The question about debt is often accompanied by a certain amount of tittering among those who know only too well how much in student loans these candidates are still carrying. At the same time, keeping up with the social and dress demands of a white collar job on a blue collar salary can be challenging. But to quote Super Chicken, “You knew the job was dangerous when you took it, Fred.” There are certain financial strains that accompany the mission. Learning to manage your own finances is a basic requirement of discipleship and leadership. As for me, I long ago decided, in the words of Charles Williams, that “labour without grudge is labour without grief.” After getting through Charge Conference which set my salary each year, I determined as far as I could to forget how much money I was making. We budgeted in a little mad money each pay period so we wouldn’t feel poor, no matter what our actual situation was. Getting your debt under control frees you to approach life like one of its landlords, not as a tenant farmer facing eviction. And in the end, you cannot do good ministry if you are constantly resentful of those who pay you so little or envious of those who have more than you do.

Finally, we have that last bit of advice we are asked to affirm, which comes to us from Father Wesley: And do not mend our rules, but keep them; not for wrath, but for conscience’ sake. If you are the kind of person we have to threaten with consequences to get you to fulfill the ordinary expectations of your role, then you are going to be miserable, and you are going to make us miserable, too. Having agreed to all our rules up front and without coercion, you should take it as a point of honor to fulfill the expectations of your role without a lot of other legal stuff. And if you’re going to be that kind of person, who’ll do right simply because you want to do right, then we will always have a place for you.
bush

Questions, Part 4 – Best practices for the clergy

In the examination of new clergy before the Annual Conference, there are only three questions asking for commitments regarding pastoral practice. They are as follows.
14. Will you diligently instruct the children in every place?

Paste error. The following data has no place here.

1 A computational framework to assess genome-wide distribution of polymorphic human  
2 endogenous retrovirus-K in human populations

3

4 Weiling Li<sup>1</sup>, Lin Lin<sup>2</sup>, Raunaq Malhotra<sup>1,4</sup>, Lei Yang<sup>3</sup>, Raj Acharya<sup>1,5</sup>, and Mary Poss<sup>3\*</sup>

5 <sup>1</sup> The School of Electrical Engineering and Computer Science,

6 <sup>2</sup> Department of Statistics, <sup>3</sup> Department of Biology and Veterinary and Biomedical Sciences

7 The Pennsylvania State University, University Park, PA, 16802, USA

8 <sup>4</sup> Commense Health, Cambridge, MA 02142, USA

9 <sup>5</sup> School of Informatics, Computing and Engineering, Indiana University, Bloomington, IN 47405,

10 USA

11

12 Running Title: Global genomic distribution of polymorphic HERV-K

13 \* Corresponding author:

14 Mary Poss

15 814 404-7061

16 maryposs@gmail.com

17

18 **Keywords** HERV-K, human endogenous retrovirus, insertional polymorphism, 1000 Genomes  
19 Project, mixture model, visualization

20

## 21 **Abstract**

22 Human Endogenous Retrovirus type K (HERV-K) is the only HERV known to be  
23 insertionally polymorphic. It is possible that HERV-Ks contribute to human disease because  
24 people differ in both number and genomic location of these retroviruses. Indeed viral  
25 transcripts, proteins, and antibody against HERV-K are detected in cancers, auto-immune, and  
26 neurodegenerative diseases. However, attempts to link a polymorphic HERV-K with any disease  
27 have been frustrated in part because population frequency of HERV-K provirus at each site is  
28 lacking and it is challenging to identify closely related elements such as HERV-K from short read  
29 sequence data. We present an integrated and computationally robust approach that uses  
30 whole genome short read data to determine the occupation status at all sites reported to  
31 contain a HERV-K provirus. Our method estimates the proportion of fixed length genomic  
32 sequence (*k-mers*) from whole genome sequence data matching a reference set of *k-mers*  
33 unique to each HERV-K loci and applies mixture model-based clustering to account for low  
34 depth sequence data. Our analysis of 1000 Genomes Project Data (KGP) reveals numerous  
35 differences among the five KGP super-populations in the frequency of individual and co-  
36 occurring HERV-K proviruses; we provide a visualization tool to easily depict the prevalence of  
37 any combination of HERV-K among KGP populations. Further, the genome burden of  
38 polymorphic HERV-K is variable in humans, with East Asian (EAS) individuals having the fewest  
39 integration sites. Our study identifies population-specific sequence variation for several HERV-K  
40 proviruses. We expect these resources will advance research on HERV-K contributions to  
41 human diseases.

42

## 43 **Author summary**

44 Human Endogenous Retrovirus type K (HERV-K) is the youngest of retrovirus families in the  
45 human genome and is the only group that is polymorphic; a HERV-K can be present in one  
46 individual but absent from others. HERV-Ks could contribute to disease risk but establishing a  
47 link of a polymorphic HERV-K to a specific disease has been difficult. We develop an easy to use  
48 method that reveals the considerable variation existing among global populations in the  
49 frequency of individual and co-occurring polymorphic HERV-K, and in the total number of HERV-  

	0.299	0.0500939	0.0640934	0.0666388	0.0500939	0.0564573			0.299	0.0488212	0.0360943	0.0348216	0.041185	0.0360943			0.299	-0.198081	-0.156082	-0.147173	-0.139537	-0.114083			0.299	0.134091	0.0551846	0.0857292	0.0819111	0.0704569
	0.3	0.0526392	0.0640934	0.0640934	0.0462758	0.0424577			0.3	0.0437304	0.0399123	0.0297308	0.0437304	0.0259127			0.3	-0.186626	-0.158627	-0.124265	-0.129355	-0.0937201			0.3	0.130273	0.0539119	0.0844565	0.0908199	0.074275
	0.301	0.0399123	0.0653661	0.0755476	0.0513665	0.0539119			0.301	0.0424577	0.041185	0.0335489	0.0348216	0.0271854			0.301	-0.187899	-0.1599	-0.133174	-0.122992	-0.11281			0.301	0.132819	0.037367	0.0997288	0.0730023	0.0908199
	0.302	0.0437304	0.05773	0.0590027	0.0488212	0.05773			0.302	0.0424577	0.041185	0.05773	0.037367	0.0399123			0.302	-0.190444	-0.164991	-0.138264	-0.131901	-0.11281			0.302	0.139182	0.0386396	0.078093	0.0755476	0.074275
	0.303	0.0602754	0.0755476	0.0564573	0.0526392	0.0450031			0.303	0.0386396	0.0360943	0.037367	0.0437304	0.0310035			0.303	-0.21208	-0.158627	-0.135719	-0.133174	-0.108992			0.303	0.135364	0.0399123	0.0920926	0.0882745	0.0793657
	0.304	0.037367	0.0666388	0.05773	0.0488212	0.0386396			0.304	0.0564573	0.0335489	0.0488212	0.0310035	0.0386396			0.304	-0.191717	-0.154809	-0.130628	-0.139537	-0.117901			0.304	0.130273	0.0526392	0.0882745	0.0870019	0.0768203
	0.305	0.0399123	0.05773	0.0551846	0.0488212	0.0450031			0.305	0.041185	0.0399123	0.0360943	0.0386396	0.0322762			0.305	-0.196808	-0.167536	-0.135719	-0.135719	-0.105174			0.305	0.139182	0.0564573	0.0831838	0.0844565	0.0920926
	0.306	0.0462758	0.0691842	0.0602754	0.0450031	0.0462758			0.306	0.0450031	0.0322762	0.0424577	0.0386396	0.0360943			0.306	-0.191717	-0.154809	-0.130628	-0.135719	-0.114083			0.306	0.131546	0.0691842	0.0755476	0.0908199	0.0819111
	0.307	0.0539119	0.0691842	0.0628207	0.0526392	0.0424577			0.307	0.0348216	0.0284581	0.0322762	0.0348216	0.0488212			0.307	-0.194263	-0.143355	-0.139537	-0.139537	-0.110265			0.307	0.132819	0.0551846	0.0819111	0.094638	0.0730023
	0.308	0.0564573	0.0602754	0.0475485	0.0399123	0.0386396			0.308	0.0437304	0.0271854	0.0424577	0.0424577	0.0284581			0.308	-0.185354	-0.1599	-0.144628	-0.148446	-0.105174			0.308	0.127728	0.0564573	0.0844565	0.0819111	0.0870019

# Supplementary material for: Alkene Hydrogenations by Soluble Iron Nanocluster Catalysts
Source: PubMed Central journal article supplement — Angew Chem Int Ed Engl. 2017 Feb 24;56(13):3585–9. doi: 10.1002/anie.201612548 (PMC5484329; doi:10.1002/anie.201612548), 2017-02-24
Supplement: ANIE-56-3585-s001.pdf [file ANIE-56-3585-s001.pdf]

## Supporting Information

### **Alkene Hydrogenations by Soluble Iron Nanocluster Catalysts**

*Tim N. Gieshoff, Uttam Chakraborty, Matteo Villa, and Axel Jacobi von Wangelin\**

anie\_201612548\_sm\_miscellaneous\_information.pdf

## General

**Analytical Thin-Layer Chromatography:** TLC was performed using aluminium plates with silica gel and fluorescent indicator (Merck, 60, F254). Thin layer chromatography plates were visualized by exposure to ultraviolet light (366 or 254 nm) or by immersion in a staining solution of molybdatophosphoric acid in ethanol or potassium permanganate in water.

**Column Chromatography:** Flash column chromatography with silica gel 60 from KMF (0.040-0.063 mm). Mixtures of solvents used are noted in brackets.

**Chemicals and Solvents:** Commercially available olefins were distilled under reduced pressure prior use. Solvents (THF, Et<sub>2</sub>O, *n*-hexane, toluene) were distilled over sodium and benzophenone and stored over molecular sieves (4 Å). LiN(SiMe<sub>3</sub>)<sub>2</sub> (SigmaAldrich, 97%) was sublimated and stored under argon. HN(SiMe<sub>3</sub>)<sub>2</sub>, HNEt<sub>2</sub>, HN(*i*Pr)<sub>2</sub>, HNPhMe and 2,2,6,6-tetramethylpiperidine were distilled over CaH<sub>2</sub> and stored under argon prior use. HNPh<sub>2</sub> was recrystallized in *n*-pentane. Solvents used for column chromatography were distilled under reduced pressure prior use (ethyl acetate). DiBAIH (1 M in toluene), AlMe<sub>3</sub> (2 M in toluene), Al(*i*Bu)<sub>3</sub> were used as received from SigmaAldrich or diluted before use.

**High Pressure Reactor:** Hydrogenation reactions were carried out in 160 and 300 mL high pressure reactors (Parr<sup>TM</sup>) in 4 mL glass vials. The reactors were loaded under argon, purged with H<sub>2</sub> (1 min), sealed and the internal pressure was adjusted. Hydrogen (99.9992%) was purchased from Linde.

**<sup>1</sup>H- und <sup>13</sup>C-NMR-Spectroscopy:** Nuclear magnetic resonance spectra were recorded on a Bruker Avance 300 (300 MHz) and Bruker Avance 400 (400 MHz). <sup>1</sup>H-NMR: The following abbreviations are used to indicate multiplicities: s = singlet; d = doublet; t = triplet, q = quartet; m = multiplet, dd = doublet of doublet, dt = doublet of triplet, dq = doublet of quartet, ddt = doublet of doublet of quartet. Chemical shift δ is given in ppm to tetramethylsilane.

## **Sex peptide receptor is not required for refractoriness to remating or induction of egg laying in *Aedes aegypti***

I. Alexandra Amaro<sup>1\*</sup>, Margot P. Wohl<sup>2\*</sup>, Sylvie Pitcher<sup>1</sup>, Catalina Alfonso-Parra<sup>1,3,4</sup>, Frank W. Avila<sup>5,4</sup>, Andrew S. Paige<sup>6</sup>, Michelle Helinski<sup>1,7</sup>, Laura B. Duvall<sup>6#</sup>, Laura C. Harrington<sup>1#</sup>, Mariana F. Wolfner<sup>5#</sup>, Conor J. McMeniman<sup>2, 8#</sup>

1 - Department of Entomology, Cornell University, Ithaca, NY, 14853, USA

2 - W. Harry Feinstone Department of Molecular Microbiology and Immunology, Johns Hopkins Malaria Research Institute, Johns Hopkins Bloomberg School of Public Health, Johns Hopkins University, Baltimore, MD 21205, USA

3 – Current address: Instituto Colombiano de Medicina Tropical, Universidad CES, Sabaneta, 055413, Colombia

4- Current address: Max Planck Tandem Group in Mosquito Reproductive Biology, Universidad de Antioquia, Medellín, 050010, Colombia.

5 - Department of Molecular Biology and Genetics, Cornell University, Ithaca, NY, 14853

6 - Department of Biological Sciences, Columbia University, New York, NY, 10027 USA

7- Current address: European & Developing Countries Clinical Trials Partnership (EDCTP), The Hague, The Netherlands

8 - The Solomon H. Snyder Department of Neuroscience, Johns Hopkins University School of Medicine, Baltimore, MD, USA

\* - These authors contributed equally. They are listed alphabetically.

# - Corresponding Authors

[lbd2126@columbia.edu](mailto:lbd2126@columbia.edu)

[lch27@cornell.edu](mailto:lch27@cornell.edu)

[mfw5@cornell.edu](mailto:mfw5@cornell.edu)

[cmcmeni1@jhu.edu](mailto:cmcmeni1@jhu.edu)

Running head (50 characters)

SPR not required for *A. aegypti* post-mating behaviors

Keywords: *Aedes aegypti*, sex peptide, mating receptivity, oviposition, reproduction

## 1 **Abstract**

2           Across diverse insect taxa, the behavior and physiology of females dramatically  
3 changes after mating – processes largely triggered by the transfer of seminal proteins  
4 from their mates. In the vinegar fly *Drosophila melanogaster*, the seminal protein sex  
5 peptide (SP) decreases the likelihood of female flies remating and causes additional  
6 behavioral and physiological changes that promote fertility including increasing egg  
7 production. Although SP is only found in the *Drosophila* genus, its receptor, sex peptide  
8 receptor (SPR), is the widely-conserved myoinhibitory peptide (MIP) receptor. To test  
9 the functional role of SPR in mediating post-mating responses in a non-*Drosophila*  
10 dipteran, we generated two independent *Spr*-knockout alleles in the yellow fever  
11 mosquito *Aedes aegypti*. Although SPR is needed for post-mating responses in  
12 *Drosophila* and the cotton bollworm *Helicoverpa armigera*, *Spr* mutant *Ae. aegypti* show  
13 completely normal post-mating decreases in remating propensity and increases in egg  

15. Will you visit from house to house?
16. Will you recommend fasting or abstinence, both by precept and example?
Looking over these questions, I want to ask, Why these three? Are we specifically asked about these because they are more important than other things we could be doing? Or are we asked about these because these are typically the things that get ignored in our attempts to wrap our arms around the task to be done? Either way, when I look at what clergy I know are actually doing – including very successful clergy, pastoring large and successful congregations, who write all those books and lead all those seminars in “How We Do It At Mega-Miracle Church” – I don’t see a lot of emphasis on these things. This should lead us to re-examine the meaning of “success” in pastoral practice.

Over the years of my work, in every pastorate I served, I knew the name of every child in my church. And I made it a point to spend quality time with them. I guest-taught in their Sunday School classes, I did youth work, I led retreats, I taught the PRAY (Scouting) awards and VBS. Once I had a 5-year-old boy whose dog had been run over in the driveway by his dad (ouch), and I went to call on him at home. His mother asked me about the purpose of my call, and I said I was there to see Austin. I told him I was sorry about his dog, and he took me out in the backyard and showed me where they buried him and talked to me about his dog. I couldn’t “fix” the hurt, and didn’t try; I was just there to show him that he counted as much with me as the adults did; I was his pastor, too. Nowadays, a lot of churches shuffle the kids off to “children’s church,” which I think is really bad liturgical practice. “Oh, we’re doing things on their level there,” my colleagues say. Baloney. You’re getting rid of them so you can change what worship feels like for the adults. This is bad for kids, and it’s bad for adults. One of John Wesley’s preachers told him once upon a time that he didn’t feel that he had a call from God to work with the young. That was too bad, Wesley replied, because the job description included working with the young, call or not (hint from Mr. W: if you want to keep your job, you’ll get a call real fast). I note that we are not only asked to “instruct the children in every place,” but diligently to instruct them.